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I am trying to check the validity of a servers certificate prior to submitting a data requst. The following code resulted in this error message: javax.net.ssl.SSLHandshakeException: sun.security.validator.ValidatorException: PKIX path building failed: sun.security....

since it seemed like a trustStore issue to me the first thing I did was download a small java program called "Install Cert.java" to download and install the sites certificate in my truststore. This it appeared to do successfully. However, upon running the code again ( I am using NetBeans but ran InstallCert from the command line ) the same error was thrown.

I have seen other posts here where the advice is just to not check at all - to use a dummy truststore or something. I don't think that would be appropriate for me because my spec specifically requires the code check certificate validaty, expiration date, and whether it is trusted. ( I'm lost on thees too -- any advice here would be much appreciated as well.)

I am new to Java network programming and have spent two days banging my head against this.


Thanks! Marc

 private void connectToNetConnect() throws SSLPeerUnverifiedException {
        X509Certificate xCertificate;
        HttpsURLConnection secured;
        HostnameVerifier hostNameVerifier;

        try {

           url = new URL(this.SERVER_URL); 
           HttpURLConnection con = (HttpURLConnection) url.openConnection();
           secured = (HttpsURLConnection) con;


           // now get servercertificates and check some stuff

           java.security.cert.Certificate[] certs = secured.getServerCertificates();

           // prints out the certificates
           System.out.println("CERTIFICATES: ");
           for(java.security.cert.Certificate cert : certs) {
               System.out.println("Certificate is: " + cert);

           java.security.cert.Certificate firstCert = certs[0];
           xCertificate = (X509Certificate)firstCert;

           try {
           } catch(CertificateExpiredException e) {
               System.out.println("Certificate Expired");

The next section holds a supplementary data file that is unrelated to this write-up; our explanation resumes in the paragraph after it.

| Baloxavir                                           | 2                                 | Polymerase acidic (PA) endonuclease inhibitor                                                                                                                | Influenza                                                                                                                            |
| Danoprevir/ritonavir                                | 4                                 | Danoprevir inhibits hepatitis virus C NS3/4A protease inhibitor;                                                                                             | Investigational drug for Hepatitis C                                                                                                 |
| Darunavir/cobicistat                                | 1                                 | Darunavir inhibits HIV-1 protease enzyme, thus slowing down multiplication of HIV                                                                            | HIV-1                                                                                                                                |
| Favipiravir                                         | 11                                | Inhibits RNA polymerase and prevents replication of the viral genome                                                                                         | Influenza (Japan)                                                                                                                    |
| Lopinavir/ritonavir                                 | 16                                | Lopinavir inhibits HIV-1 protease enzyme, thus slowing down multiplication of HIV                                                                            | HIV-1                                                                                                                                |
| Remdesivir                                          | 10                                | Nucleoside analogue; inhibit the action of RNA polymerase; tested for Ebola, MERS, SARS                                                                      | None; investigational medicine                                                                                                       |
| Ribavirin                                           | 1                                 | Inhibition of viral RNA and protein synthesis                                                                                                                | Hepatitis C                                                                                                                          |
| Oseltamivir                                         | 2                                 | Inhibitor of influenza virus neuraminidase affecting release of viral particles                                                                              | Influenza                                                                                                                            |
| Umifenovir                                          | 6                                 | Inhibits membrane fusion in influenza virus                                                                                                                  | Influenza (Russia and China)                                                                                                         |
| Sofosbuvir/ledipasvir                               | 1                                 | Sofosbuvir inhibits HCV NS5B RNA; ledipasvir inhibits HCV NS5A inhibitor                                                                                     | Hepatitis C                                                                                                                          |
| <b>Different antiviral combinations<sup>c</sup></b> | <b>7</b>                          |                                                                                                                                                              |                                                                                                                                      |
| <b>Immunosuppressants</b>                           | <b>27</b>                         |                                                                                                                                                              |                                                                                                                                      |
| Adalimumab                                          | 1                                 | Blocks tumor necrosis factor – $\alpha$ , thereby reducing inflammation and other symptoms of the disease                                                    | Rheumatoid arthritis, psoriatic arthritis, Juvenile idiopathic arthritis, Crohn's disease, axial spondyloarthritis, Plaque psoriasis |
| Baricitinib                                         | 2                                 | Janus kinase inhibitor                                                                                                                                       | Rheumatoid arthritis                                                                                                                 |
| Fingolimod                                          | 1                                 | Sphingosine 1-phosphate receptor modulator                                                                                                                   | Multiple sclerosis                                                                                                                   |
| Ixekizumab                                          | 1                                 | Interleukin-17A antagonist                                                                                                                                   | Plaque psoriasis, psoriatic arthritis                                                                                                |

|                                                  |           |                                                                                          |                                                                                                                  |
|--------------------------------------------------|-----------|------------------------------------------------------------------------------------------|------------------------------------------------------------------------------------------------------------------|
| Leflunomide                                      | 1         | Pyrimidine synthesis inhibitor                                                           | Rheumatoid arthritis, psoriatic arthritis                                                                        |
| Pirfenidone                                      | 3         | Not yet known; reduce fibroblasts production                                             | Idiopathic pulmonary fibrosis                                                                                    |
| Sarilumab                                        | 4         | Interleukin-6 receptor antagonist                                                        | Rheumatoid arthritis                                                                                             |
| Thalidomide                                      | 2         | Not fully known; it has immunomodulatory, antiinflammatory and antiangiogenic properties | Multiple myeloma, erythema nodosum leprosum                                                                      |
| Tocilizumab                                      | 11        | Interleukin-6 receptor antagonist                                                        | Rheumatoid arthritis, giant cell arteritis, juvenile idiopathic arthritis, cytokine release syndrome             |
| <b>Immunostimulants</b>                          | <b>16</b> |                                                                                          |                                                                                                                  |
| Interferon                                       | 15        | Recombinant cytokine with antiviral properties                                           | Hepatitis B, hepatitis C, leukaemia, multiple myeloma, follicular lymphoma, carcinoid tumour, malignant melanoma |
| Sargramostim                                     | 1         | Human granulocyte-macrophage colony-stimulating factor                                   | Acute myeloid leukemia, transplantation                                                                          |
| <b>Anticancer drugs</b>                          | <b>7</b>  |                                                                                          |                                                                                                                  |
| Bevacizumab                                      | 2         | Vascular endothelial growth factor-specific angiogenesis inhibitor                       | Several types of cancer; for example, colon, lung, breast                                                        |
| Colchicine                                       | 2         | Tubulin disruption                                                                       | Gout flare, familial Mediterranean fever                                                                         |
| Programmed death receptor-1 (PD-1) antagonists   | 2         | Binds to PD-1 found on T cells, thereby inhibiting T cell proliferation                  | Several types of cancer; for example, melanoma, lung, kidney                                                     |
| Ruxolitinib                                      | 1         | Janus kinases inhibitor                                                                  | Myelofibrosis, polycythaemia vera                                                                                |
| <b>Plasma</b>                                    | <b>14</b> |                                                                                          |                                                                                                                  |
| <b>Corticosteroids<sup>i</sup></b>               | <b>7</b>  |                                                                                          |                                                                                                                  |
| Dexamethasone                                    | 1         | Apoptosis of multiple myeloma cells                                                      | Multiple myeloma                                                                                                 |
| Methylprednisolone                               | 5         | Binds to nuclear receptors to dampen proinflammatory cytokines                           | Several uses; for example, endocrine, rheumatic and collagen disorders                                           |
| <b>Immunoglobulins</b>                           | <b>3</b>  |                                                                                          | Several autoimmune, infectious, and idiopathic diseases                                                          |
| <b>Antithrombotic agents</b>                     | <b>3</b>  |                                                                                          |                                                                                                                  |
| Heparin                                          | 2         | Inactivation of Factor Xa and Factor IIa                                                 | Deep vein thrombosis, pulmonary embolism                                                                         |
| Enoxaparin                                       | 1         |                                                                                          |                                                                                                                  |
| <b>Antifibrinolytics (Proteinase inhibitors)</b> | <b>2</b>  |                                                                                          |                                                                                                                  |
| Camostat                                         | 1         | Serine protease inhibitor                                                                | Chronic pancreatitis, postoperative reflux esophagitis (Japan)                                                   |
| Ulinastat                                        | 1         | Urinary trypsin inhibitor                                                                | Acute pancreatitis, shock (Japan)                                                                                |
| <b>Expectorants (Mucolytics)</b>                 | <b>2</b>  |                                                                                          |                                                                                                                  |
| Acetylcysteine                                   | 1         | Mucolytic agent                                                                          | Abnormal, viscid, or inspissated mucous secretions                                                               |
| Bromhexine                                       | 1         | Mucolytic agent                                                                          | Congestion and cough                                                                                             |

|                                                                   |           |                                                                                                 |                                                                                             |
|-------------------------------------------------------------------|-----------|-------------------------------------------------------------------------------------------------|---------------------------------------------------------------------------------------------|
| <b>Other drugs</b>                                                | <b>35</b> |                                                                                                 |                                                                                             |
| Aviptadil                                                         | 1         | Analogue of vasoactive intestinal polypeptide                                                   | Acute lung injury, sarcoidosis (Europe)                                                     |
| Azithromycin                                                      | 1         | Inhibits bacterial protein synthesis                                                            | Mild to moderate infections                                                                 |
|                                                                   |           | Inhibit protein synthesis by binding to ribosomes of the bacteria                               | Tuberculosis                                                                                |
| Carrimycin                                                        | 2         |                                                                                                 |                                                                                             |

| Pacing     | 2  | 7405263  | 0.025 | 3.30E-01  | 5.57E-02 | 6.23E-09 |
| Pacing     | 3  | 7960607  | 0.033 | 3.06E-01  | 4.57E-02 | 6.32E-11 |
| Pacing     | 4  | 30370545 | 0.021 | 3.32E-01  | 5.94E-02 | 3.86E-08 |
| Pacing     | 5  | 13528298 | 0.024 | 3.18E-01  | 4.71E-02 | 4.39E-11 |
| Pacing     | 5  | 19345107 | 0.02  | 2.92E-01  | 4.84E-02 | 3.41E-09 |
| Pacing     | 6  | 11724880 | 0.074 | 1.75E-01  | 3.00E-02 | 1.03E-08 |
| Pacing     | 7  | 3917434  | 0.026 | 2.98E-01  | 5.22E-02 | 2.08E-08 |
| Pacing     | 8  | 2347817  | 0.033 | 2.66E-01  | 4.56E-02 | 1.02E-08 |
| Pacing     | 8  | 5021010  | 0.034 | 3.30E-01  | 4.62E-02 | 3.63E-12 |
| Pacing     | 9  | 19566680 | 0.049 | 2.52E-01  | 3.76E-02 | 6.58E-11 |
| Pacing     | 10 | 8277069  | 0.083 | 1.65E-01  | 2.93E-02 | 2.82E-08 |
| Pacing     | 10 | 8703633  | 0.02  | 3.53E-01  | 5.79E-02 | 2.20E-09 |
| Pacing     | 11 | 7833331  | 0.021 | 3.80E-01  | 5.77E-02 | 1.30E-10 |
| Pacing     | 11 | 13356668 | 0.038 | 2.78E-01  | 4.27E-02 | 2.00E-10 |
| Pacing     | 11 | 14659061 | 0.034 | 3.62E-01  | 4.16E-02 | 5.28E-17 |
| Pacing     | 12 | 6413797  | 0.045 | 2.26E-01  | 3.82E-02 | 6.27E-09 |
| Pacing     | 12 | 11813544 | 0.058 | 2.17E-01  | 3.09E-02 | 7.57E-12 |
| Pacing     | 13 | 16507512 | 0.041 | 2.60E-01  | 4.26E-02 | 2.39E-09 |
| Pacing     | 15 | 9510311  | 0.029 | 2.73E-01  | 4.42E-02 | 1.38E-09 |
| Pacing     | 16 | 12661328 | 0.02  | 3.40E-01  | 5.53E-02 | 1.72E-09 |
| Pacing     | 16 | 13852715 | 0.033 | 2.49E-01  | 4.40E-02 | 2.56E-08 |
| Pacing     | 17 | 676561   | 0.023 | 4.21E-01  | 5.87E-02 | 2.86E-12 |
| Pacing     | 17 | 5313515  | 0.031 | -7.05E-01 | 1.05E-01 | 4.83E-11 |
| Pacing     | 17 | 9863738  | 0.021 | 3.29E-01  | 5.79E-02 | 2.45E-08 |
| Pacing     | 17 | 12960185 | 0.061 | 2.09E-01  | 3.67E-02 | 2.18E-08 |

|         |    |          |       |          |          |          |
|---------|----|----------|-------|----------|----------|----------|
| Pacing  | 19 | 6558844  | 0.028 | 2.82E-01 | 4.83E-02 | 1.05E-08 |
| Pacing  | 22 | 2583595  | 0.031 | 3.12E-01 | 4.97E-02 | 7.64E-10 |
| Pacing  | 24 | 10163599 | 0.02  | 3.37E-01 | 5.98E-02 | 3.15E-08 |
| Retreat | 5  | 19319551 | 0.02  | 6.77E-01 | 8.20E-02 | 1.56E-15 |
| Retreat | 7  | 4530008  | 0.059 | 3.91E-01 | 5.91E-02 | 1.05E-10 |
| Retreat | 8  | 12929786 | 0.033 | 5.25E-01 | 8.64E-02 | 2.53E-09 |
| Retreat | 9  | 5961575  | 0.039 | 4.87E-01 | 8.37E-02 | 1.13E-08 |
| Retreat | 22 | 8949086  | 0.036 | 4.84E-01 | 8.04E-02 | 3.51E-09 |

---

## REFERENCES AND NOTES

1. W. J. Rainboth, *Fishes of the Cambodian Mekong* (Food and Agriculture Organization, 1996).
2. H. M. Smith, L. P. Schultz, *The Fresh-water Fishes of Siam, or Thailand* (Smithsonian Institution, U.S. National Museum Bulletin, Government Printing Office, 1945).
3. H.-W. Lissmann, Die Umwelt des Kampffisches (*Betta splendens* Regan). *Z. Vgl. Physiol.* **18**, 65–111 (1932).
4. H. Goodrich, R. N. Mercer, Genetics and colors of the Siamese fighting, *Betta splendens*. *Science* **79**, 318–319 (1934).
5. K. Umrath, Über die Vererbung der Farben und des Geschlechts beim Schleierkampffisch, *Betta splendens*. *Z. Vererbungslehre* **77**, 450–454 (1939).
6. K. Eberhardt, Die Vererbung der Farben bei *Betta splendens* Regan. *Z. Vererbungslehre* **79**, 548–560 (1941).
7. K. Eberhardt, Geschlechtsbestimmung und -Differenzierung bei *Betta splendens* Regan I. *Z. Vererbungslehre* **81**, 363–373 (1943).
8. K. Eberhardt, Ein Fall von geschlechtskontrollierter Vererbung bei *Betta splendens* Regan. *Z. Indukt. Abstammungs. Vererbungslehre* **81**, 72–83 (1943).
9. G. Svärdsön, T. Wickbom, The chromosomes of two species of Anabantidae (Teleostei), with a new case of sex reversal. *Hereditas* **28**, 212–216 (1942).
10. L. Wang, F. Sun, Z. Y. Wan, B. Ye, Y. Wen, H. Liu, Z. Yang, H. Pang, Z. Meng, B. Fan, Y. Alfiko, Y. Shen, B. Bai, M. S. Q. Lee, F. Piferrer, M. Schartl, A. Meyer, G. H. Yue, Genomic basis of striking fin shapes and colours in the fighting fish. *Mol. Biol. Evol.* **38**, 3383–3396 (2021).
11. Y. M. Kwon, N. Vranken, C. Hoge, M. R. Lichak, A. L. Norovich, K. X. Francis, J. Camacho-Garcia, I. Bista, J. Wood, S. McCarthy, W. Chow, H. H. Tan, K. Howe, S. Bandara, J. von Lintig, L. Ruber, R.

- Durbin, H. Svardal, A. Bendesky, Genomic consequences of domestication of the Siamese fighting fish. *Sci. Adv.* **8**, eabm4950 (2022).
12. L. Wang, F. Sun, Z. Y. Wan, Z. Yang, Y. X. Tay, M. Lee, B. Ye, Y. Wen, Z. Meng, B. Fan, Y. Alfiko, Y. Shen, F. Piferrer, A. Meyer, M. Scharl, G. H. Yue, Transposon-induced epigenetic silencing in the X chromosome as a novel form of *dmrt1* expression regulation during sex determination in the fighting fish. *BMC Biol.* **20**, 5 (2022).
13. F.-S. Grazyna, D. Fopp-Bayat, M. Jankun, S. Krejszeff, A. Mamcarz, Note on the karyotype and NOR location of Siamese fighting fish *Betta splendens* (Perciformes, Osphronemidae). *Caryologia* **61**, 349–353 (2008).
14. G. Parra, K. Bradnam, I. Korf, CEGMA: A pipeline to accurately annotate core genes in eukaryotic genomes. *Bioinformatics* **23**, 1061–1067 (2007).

} catch(CertificateNotYetValidException e) {
               System.out.println("Certificate Not Yet Valid");
           } catch(Exception e) {
               System.out.println("Error checking Certificate Validity.  See admin.");

        } catch(MalformedURLException e) { 
            System.out.println("Malformed URL");

        } catch(SSLHandshakeException e) {
            System.out.println("Handshake exceptionn");
        } catch(Exception e) {
            System.out.println("Plain ole exception");
share|improve this question
is the exception being thrown on secured.connect()? –  guido Jan 31 '12 at 2:39
yes - forgot to mention that - my tracing indicated that. It is being thrown on secured.connect() –  Marc H Jan 31 '12 at 2:58
to open the HttpsConnection that way, you need the server certificate, the signing CA certificate, and any eventual intermediate certificate in your keystore. Look here: stackoverflow.com/questions/1828775/httpclient-and-ssl –  guido Jan 31 '12 at 3:05
That link offers three solutions: Configure the SSLContext with an appropriate trust store that includes your cert, Add the cert for that site to the default java trust store, or just ignore the context. The final option isn't reasonable for me as I need to verify the certicificate and check it's validity. I did the second, used InstallCert.java to add the site to the default java trust store and still got the error.How to configure the SSL Context with a truststore? Is there a simpler way to accomplish my goal of checking the validity of the servers cert before posting a request? –  Marc H Jan 31 '12 at 3:25
It depends on what you actually want to do; if you import the certs in your keystore, you will get a different exception on open() if one or more of the certs in the chain are expired. Or, if you want to create our customized connection manager, implement your own TrustManager implementing X509TrustManager –  guido Jan 31 '12 at 3:34

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